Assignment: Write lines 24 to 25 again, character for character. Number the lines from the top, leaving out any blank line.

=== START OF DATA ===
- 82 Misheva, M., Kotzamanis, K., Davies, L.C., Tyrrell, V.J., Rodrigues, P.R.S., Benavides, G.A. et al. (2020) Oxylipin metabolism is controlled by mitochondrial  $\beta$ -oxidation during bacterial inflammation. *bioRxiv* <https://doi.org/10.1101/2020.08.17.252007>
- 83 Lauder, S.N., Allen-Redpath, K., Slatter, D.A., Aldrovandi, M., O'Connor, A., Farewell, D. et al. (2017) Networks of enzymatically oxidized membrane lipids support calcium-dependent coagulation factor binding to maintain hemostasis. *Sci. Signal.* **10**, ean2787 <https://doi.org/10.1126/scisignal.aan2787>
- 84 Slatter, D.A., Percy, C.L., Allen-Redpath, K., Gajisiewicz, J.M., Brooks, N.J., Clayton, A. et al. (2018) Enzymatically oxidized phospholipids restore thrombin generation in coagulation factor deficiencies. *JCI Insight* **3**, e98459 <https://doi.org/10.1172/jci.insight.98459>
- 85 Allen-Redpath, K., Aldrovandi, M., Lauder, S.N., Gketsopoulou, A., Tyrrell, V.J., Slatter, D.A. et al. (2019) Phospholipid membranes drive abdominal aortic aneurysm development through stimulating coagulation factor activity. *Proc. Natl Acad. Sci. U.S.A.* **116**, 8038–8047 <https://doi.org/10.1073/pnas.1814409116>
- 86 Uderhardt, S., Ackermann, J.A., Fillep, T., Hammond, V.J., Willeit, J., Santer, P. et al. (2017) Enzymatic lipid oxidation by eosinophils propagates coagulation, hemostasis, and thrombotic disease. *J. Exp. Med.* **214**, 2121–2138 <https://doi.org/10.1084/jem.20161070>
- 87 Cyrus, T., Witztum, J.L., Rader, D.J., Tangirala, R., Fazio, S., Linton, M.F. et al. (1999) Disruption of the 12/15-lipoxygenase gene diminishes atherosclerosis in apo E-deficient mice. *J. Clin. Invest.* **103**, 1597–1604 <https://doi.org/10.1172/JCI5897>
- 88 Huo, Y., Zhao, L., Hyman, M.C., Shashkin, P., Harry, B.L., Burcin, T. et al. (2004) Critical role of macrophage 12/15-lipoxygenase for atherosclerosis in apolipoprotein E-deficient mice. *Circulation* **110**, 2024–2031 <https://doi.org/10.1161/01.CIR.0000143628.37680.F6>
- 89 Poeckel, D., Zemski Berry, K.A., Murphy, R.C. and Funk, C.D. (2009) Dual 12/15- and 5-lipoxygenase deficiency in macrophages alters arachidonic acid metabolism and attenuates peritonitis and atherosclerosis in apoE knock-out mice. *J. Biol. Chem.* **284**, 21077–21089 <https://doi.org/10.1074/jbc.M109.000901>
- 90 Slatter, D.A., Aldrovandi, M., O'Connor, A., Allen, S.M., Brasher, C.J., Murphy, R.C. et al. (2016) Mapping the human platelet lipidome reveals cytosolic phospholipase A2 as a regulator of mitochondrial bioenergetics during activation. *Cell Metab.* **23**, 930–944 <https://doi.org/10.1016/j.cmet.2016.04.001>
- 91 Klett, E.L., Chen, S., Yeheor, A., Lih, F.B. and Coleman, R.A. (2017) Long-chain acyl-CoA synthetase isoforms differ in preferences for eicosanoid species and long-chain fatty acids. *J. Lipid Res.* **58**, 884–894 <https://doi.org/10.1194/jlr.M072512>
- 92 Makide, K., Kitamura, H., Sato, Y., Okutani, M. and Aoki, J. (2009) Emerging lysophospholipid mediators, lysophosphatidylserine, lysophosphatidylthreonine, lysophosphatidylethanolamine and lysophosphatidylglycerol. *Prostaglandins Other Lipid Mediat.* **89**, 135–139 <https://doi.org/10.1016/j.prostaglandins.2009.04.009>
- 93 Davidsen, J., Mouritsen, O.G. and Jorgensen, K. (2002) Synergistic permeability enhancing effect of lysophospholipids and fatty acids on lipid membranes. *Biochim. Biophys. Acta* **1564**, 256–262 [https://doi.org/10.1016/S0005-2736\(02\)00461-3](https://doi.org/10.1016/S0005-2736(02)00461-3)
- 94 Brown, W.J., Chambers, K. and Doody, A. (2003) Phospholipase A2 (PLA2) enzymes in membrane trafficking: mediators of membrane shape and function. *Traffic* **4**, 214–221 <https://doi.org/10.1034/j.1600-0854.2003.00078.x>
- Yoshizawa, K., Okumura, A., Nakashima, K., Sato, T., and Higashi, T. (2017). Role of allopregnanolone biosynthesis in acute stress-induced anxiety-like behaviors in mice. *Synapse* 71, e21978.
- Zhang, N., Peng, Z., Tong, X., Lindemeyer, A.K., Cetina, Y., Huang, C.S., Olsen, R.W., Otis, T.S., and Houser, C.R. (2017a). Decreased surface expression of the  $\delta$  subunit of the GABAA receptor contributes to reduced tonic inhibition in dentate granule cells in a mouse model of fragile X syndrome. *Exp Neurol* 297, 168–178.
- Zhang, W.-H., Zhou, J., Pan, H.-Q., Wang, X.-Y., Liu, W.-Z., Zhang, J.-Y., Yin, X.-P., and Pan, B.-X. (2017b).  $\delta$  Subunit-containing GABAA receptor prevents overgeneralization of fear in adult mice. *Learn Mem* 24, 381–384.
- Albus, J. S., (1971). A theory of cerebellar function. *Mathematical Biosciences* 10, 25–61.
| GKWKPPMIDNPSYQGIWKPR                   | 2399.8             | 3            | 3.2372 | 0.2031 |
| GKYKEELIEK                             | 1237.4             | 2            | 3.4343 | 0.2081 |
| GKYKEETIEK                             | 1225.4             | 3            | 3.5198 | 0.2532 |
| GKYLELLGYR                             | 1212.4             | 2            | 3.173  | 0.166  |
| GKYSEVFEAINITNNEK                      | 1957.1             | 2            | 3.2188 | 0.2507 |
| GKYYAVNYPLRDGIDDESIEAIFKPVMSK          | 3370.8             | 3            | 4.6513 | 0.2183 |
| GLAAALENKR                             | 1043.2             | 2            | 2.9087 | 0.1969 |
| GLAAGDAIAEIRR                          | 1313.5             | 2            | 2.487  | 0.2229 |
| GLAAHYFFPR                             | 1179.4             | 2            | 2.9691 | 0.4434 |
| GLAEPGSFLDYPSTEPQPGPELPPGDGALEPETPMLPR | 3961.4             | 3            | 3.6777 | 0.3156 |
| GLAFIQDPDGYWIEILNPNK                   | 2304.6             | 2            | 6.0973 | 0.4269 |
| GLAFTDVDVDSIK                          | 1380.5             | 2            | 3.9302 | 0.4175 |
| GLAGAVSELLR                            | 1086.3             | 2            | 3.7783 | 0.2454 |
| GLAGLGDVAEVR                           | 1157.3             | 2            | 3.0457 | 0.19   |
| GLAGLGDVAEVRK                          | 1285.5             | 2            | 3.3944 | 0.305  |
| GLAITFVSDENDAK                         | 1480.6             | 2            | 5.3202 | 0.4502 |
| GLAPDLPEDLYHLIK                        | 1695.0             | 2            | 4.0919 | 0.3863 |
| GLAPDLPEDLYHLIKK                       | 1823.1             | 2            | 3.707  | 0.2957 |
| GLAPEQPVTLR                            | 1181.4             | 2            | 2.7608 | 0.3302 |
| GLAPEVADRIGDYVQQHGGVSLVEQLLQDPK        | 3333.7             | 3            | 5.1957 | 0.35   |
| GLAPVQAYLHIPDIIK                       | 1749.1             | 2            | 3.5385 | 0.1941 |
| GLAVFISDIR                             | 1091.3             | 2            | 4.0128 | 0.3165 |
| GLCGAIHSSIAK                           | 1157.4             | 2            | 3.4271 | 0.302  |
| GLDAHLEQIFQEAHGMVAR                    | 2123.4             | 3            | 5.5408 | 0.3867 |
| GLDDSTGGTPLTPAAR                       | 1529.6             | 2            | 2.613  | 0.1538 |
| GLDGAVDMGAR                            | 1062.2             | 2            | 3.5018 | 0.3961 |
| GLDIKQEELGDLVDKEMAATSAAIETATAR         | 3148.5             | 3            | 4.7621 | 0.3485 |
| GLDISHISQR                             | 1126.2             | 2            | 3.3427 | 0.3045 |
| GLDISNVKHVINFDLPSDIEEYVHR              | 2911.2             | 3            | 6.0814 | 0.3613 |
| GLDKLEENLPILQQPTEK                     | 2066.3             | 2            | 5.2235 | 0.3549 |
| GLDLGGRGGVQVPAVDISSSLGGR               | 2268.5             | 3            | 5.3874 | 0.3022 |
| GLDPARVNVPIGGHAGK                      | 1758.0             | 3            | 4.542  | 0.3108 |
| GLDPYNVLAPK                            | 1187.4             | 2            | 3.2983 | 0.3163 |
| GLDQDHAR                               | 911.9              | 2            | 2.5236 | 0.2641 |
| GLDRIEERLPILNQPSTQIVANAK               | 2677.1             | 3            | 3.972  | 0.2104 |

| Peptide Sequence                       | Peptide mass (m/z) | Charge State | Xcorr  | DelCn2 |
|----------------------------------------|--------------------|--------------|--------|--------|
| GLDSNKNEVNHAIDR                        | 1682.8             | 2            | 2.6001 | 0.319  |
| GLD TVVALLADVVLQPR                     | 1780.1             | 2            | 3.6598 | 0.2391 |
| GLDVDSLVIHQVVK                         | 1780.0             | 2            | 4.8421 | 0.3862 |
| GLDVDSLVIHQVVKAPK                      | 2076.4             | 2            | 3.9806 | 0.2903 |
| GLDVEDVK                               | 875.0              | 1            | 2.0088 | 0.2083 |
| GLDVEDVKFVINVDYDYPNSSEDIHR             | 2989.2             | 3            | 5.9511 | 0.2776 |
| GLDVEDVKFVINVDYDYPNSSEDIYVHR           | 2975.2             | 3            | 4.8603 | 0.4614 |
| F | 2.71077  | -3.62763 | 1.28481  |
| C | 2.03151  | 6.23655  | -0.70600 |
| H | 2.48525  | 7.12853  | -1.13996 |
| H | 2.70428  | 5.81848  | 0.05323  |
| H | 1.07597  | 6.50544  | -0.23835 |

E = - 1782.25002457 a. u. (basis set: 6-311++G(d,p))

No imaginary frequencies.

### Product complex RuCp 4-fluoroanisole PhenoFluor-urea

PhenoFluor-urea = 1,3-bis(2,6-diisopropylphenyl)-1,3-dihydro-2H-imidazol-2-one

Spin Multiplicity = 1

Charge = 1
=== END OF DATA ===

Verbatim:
| GLAAALENKR                             | 1043.2             | 2            | 2.9087 | 0.1969 |
| GLAAGDAIAEIRR                          | 1313.5             | 2            | 2.487  | 0.2229 |